But, ere they live, to end.
ISABELLA Yet show some pity.
ANGELO I show it most of all when I show justice;
For then I pity those I do not know,
Which a dismiss'd offence would after gall;
And do him right that, answering one foul wrong,
Lives not to act another. Be satisfied;
Your brother dies to-morrow; be content.
ISABELLA So you must be the first that gives this sentence,
And he, that suffer's. O, it is excellent
To have a giant's strength; but it is tyrannous
To use it like a giant.
LUCIO [Aside to ISABELLA] That's well said.
ISABELLA Could great men thunder
As Jove himself does, Jove would ne'er be quiet,
For every pelting, petty officer
Would use his heaven for thunder;
Nothing but thunder! Merciful Heaven,
Thou rather with thy sharp and sulphurous bolt
Split'st the unwedgeable and gnarled oak
Than the soft myrtle: but man, proud man,
Drest in a little brief authority,
Most ignorant of what he's most assured,
His glassy essence, like an angry ape,
Plays such fantastic tricks before high heaven
As make the angels weep; who, with our spleens,
Would all themselves laugh mortal.
LUCIO [Aside to ISABELLA] O, to him, to him, wench! he
will relent;
He's coming; I perceive 't.
Provost [Aside] Pray heaven she win him!
ISABELLA We cannot weigh our brother with ourself:
Great men may jest with saints; 'tis wit in them,
But in the less foul profanation.
LUCIO Thou'rt i' the right, girl; more o, that.
ISABELLA That in the captain's but a choleric word,
Which in the soldier is flat blasphemy.
LUCIO [Aside to ISABELLA] Art avised o' that? more on 't.
ANGELO Why do you put these sayings upon me?
ISABELLA Because authority, though it err like others,
Hath yet a kind of medicine in itself,
That skins the vice o' the top. Go to your bosom;
Knock there, and ask your heart what it doth know
That's like my brother's fault: if it confess
A natural guiltiness such as is his,
Let it not sound a thought upon your tongue
Against my brother's life.
ANGELO [Aside] She speaks, and 'tis
Such sense, that my sense breeds with it. Fare you well.
ISABELLA Gentle my lord, turn back.
ANGELO I will bethink me: come again tomorrow.
ISABELLA Hark how I'll bribe you: good my lord, turn back.
ANGELO How! bribe me?
ISABELLA Ay, with such gifts that heaven shall share with you.
LUCIO [Aside to ISABELLA] You had marr'd all else.
ISABELLA Not with fond shekels of the tested gold,
Or stones whose rates are either rich or poor
As fancy values them; but with true prayers
That shall be up at heaven and enter there
Ere sun-rise, prayers from preserved souls,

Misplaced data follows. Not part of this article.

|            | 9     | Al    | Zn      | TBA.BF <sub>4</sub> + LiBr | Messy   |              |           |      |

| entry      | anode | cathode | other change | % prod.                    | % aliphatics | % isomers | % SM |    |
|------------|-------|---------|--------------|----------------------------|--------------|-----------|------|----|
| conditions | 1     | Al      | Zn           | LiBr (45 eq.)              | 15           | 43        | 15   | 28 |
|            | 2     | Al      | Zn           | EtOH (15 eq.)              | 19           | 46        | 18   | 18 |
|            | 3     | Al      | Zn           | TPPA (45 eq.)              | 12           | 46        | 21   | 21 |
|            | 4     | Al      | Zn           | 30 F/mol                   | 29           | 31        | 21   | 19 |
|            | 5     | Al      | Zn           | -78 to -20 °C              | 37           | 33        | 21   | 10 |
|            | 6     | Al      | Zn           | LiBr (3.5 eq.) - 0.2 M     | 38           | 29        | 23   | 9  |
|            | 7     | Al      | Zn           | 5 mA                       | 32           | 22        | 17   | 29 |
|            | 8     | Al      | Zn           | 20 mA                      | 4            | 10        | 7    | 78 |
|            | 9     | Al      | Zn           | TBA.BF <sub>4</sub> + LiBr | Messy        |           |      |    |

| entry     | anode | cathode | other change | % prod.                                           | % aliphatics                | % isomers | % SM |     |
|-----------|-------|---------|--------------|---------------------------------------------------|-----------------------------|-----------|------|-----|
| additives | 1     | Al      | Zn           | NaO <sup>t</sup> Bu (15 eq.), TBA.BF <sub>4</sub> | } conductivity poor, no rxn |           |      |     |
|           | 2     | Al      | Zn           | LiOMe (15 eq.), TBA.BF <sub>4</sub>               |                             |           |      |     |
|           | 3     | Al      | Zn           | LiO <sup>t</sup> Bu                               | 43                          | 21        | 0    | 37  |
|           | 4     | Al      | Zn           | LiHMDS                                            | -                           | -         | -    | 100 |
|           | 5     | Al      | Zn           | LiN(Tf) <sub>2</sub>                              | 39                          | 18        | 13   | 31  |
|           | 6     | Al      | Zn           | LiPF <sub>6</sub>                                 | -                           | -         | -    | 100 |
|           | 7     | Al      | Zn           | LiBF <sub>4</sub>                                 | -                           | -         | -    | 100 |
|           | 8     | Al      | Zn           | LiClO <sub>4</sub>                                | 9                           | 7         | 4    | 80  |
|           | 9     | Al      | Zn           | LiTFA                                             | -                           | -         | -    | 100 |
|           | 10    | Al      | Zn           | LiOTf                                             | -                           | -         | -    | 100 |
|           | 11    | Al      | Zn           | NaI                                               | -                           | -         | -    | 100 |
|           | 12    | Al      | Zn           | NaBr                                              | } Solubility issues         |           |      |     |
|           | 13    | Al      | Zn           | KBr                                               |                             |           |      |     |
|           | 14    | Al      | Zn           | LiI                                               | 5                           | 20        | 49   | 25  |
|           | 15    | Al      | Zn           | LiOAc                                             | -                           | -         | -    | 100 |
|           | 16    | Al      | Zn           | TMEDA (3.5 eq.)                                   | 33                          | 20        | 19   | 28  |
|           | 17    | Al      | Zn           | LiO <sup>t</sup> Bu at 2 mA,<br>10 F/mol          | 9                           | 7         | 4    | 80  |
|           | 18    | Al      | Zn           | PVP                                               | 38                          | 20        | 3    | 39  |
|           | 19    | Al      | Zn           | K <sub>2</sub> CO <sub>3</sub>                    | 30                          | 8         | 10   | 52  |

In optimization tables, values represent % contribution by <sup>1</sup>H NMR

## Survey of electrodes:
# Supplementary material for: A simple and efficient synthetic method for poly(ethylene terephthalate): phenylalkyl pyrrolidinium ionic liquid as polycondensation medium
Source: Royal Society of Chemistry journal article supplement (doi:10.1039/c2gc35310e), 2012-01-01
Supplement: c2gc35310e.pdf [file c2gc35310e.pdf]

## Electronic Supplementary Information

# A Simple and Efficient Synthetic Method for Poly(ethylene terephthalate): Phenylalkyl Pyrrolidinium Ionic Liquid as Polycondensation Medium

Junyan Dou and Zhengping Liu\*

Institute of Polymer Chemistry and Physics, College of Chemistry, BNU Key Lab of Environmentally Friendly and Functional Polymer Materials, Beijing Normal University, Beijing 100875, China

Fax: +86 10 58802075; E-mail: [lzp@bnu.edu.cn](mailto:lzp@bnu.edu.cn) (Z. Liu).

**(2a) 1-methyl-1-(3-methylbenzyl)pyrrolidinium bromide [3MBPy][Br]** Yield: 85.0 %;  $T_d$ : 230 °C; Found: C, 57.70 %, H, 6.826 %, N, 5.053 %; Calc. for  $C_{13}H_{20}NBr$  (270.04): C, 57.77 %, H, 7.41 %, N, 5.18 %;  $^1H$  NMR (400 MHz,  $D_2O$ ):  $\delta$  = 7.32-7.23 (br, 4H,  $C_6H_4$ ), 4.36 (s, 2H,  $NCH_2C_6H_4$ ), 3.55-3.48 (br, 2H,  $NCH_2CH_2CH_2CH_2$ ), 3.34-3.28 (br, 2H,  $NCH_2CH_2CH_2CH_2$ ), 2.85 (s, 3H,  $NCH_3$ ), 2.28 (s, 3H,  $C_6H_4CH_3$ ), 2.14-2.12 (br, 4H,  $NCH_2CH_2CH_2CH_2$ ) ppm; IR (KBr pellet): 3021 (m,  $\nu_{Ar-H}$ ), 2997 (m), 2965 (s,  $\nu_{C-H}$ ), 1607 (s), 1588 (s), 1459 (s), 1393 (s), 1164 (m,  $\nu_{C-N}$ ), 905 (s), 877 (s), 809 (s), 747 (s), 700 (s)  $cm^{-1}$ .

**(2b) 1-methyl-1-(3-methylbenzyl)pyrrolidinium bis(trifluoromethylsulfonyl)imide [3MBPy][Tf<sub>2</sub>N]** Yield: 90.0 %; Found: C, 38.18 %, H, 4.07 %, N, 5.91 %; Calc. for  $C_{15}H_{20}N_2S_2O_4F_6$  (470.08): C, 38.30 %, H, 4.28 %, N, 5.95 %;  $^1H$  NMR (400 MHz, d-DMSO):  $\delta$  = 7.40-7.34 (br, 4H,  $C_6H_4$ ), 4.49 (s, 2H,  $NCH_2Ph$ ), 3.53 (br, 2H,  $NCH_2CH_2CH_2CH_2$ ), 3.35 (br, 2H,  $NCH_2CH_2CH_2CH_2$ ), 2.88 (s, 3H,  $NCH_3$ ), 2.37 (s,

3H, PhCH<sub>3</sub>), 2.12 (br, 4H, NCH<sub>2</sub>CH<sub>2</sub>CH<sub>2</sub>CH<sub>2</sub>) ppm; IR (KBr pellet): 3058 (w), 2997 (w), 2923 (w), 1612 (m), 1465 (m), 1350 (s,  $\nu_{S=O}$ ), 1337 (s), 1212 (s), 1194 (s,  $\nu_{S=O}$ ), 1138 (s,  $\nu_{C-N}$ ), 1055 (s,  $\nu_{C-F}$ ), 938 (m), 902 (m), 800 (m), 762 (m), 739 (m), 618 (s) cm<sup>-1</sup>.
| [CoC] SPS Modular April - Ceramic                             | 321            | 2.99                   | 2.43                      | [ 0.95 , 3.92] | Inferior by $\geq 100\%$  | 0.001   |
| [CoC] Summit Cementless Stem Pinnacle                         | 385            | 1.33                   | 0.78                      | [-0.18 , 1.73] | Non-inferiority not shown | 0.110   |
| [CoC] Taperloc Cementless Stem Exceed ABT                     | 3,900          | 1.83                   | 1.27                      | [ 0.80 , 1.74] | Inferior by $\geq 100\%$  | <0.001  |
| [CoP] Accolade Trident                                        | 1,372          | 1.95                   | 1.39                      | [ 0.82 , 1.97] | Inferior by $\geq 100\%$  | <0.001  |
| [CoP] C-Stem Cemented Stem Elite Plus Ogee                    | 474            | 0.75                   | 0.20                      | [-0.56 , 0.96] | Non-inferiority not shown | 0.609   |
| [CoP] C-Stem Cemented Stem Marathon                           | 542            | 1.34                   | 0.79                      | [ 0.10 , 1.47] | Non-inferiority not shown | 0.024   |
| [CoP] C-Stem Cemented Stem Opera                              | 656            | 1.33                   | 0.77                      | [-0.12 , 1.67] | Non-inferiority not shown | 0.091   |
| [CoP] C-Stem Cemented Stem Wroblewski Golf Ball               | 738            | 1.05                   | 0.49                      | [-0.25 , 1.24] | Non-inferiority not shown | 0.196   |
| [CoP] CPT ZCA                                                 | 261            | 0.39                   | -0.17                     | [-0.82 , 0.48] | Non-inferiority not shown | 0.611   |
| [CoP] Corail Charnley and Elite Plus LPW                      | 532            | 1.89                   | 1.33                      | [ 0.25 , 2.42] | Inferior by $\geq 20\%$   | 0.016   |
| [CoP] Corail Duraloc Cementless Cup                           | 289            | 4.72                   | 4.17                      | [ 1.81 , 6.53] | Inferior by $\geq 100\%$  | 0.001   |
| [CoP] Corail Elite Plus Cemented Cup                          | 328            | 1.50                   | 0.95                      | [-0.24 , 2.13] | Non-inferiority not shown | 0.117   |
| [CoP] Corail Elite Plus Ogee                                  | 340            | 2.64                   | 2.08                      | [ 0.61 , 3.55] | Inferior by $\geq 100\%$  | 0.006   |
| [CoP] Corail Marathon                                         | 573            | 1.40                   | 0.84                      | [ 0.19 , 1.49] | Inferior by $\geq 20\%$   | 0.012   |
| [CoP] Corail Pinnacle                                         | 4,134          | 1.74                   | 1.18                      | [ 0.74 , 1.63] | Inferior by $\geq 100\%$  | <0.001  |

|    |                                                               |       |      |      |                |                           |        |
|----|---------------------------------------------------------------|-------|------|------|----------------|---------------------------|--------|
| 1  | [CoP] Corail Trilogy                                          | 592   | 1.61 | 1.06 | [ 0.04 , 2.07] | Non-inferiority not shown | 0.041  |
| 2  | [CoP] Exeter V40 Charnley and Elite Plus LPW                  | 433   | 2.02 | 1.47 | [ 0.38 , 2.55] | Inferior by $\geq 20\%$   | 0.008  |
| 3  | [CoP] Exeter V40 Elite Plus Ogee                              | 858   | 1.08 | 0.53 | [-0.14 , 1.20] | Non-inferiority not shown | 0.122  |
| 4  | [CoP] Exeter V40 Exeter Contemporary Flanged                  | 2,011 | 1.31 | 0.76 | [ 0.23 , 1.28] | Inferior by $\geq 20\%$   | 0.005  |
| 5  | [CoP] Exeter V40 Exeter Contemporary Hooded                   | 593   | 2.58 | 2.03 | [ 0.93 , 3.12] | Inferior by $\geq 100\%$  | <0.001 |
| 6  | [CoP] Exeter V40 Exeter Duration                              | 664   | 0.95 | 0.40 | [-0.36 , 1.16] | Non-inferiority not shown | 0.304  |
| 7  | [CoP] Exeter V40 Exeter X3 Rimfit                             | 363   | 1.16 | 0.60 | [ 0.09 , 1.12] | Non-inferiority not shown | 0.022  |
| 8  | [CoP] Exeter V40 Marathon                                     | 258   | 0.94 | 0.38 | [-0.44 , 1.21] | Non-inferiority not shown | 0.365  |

From fasting maids whose minds are dedicate
To nothing temporal.
ANGELO Well; come to me to-morrow.
LUCIO [Aside to ISABELLA] Go to; 'tis well; away!
ISABELLA Heaven keep your honour safe!
ANGELO [Aside] Amen:
For I am that way going to temptation,
Where prayers cross.
ISABELLA At what hour to-morrow
Shall I attend your lordship?
ANGELO At any time 'fore noon.
ISABELLA 'Save your honour!
  [Exeunt ISABELLA, LUCIO, and Provost]
ANGELO From thee, even from thy virtue!
What's this, what's this? Is this her fault or mine?
The tempter or the tempted, who sins most?
Ha!
Not she: nor doth she tempt: but it is I
That, lying by the violet in the sun,
Do as the carrion does, not as the flower,
Corrupt with virtuous season. Can it be
That modesty may more betray our sense
Than woman's lightness? Having waste ground enough,
Shall we desire to raze the sanctuary
And pitch our evils there? O, fie, fie, fie!
What dost thou, or what art thou, Angelo?
Dost thou desire her foully for those things
That make her good? O, let her brother live!
Thieves for their robbery have authority
When judges steal themselves. What, do I love her,
That I desire to hear her speak again,
And feast upon her eyes? What is't I dream on?
O cunning enemy, that, to catch a saint,
With saints dost bait thy hook! Most dangerous
Is that temptation that doth goad us on
To sin in loving virtue: never could the strumpet,
With all her double vigour, art and nature,
Once stir my temper; but this virtuous maid
Subdues me quite. Even till now,
When men were fond, I smiled and wonder'd how.
  [Exit]

 

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Full Text

Act II, Scene 4 A room in Angelo's house.

Act I, Scene 1 An apartment in the Duke's palace.

Act III, Scene 1 A room in the prison.

Act I, Scene 2 A Street

Act III, Scene 2 The street before the prison.

Act I, Scene 3 A monastery

Act IV, Scene 1 The moated grange at St. Luke's.

Act I, Scene 4 A nunnery. Act IV, Scene 2 A room in the prison.

Act II, Scene 1 A hall In Angelo's house.

Act IV, Scene 3 Another room in the same.

Act II, Scene 2 Another room in the same.

Act IV, Scene 4 A room in Angelo's house./Act IV, Scene 5 Fields without the town./Act IV, Scene 6 Street near the city gate.
Act II, Scene 3 A room in a prison. Act V Scene 1 The city gate.